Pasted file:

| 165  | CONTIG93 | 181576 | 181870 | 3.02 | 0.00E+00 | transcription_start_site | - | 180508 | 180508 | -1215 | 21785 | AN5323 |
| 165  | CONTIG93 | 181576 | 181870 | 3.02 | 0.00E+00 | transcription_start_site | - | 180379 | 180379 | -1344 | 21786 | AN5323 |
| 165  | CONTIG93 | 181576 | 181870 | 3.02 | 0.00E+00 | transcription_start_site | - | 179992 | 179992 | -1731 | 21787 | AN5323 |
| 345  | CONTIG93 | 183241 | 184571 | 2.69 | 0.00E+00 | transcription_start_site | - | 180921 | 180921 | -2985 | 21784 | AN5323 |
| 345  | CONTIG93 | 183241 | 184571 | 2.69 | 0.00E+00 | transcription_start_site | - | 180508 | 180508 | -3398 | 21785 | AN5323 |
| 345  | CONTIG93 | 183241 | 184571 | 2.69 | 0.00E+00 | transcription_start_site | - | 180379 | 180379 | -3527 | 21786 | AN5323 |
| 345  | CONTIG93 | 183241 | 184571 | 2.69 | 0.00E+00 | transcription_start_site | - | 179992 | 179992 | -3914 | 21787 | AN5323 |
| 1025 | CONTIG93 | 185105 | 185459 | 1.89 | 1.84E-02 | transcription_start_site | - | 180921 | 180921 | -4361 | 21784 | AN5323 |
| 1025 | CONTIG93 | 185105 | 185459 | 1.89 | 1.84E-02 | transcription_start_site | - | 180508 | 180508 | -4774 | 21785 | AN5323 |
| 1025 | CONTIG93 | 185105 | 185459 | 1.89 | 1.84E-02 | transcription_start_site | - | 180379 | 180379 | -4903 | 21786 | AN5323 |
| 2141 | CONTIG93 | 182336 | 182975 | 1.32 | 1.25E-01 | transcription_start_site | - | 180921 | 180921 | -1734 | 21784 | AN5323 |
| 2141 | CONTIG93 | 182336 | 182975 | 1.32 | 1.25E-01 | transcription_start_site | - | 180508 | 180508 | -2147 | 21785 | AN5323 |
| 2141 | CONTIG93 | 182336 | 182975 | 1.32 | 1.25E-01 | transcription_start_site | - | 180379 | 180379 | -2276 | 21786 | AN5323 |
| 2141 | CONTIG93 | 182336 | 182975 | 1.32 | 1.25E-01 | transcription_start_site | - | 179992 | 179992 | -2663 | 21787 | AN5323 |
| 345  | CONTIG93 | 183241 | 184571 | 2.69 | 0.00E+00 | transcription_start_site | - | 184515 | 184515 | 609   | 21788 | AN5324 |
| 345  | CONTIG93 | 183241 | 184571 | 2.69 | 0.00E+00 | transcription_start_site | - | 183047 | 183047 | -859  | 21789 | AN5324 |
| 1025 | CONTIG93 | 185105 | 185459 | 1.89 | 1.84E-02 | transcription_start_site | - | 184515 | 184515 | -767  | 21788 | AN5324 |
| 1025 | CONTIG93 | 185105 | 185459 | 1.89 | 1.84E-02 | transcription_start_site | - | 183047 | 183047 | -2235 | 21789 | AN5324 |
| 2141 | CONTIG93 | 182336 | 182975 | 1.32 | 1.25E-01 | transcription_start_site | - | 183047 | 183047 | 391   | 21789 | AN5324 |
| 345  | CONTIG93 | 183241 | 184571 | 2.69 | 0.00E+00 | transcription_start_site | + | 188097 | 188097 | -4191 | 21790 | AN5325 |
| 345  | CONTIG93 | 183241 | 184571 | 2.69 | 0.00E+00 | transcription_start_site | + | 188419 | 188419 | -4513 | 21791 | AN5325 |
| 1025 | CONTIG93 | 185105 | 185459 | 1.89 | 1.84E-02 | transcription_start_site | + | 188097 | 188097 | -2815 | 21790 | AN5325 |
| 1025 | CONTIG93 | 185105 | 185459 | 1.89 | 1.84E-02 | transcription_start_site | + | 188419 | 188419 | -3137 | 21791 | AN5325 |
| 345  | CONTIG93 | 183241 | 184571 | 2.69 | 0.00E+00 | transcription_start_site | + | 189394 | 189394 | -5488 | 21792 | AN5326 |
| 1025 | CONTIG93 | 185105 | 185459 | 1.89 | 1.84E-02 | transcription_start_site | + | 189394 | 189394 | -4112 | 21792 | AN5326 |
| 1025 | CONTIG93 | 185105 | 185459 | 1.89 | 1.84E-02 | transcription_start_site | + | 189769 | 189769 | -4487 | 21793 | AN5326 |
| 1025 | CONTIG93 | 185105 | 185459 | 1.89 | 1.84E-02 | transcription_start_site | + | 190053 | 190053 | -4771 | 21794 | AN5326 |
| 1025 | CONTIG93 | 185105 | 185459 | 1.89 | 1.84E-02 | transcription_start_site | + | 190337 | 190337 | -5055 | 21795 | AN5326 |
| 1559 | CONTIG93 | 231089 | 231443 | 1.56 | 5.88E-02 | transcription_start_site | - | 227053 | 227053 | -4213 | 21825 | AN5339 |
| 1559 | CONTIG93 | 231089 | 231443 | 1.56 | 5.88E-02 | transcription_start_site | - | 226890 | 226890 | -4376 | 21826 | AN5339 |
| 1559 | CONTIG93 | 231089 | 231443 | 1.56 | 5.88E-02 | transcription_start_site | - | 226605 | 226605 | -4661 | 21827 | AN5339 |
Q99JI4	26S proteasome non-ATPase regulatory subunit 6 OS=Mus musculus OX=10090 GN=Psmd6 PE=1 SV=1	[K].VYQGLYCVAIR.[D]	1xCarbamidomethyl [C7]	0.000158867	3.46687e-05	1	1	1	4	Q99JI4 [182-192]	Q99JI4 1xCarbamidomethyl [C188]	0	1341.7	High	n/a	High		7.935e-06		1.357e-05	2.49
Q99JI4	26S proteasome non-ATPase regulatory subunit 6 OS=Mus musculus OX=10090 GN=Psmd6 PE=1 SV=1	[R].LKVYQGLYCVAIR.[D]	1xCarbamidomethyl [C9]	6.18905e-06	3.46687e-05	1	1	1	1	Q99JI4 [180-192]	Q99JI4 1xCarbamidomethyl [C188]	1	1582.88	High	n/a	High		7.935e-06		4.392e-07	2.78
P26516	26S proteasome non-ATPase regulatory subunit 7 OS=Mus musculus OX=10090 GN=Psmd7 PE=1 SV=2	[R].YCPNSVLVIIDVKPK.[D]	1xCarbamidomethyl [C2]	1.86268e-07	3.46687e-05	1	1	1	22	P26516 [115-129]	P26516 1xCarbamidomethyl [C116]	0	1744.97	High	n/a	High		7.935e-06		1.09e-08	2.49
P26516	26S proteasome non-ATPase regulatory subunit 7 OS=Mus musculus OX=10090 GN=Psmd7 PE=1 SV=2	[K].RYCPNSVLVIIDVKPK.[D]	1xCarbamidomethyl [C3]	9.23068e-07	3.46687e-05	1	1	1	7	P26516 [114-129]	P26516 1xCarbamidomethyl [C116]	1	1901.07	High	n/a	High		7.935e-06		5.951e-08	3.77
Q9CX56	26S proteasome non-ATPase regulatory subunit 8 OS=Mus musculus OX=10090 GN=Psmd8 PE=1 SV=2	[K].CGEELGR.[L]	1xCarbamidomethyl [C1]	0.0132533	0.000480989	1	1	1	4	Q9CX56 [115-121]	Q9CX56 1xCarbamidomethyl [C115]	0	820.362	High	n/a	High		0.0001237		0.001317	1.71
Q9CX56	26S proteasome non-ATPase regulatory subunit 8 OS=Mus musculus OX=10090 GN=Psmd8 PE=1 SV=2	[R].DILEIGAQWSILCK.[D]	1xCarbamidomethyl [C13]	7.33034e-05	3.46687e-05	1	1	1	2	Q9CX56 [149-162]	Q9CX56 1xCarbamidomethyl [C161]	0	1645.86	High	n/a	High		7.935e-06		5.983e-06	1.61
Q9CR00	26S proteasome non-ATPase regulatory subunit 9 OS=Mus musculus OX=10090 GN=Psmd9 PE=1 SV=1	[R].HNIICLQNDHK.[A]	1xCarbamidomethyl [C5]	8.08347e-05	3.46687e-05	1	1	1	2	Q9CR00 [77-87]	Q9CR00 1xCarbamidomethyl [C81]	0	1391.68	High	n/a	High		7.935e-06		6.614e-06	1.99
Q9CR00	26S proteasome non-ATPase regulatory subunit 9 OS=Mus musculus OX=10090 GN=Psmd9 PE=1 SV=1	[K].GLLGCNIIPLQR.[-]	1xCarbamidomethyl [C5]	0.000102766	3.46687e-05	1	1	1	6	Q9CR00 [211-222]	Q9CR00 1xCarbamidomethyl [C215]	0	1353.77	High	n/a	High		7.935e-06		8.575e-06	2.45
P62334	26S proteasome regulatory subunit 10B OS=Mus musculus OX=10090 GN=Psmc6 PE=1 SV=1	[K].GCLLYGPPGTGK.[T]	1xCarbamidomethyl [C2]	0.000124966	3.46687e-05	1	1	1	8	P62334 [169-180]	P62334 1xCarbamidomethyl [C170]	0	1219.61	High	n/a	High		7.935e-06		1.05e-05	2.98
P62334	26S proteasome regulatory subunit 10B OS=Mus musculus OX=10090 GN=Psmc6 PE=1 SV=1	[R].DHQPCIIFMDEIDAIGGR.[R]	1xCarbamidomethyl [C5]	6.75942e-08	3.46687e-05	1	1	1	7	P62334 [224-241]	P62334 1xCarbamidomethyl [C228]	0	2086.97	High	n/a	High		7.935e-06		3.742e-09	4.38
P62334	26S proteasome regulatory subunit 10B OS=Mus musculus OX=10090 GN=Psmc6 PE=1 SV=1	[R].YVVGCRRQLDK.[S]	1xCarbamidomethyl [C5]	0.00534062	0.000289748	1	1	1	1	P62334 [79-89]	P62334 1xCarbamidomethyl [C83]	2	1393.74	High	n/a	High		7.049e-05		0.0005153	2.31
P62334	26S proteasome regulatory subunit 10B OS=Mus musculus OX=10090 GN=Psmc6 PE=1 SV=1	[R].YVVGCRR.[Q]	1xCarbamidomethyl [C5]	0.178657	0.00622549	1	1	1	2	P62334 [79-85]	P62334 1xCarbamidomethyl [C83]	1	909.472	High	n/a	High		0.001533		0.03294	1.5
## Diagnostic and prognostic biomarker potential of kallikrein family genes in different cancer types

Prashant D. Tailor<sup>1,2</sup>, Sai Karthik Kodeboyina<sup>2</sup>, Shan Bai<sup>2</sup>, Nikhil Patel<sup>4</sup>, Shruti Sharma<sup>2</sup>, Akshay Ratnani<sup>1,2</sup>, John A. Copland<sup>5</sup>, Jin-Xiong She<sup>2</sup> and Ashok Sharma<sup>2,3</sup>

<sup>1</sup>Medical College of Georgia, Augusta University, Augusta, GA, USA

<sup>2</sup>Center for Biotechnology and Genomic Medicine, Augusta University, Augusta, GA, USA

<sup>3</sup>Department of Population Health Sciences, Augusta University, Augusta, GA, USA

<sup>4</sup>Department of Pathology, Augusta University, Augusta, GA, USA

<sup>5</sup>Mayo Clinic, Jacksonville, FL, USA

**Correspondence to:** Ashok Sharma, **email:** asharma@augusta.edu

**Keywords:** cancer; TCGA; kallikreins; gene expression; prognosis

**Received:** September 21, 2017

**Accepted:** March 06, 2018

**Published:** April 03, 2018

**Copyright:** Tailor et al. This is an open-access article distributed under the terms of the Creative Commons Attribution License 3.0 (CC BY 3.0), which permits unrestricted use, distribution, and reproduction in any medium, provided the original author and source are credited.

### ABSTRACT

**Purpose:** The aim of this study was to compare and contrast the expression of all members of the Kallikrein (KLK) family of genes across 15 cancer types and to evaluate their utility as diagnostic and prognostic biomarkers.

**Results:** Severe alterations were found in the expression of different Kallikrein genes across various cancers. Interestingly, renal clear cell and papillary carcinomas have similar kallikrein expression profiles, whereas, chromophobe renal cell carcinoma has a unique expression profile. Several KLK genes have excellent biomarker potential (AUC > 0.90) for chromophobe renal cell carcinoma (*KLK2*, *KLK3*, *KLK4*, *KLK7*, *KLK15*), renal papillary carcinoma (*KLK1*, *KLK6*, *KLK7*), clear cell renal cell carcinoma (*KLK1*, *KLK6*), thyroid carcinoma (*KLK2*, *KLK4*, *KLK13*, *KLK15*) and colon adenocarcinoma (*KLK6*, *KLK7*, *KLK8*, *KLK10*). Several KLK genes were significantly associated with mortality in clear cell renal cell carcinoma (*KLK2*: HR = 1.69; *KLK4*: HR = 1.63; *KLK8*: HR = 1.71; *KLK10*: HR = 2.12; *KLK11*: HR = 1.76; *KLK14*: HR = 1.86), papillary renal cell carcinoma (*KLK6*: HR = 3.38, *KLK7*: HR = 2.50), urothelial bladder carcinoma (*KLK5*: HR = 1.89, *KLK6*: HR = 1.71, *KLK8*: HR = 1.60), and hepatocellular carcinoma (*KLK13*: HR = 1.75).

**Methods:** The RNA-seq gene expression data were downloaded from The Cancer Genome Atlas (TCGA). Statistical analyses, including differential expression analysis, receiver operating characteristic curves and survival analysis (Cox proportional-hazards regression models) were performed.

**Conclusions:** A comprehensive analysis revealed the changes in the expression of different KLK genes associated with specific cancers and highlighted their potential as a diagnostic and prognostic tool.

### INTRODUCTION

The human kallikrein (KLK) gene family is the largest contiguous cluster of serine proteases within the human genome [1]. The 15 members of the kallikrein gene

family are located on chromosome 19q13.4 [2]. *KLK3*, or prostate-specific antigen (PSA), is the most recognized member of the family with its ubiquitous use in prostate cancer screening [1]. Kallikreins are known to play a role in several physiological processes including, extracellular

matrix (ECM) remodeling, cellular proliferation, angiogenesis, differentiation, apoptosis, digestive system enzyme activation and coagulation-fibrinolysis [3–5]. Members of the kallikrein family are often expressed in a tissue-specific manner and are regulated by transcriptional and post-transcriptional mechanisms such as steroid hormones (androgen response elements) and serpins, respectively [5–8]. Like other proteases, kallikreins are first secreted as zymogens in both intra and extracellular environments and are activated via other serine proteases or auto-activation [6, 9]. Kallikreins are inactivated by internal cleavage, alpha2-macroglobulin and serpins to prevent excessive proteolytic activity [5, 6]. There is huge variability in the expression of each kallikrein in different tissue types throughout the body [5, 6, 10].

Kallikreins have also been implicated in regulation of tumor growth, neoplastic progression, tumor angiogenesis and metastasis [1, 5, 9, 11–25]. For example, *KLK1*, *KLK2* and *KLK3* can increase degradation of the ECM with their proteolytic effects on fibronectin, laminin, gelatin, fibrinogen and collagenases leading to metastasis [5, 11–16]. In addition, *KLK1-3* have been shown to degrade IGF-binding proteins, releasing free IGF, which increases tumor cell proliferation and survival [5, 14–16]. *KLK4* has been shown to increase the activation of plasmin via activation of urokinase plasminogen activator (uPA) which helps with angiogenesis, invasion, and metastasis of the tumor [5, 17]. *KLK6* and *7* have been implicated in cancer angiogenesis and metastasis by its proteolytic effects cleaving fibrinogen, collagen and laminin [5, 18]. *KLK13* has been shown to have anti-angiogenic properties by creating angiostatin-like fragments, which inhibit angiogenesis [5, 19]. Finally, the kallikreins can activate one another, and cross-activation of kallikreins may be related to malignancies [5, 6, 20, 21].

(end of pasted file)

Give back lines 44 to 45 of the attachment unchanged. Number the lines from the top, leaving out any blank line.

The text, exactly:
## Diagnostic and prognostic biomarker potential of kallikrein family genes in different cancer types

Prashant D. Tailor<sup>1,2</sup>, Sai Karthik Kodeboyina<sup>2</sup>, Shan Bai<sup>2</sup>, Nikhil Patel<sup>4</sup>, Shruti Sharma<sup>2</sup>, Akshay Ratnani<sup>1,2</sup>, John A. Copland<sup>5</sup>, Jin-Xiong She<sup>2</sup> and Ashok Sharma<sup>2,3</sup>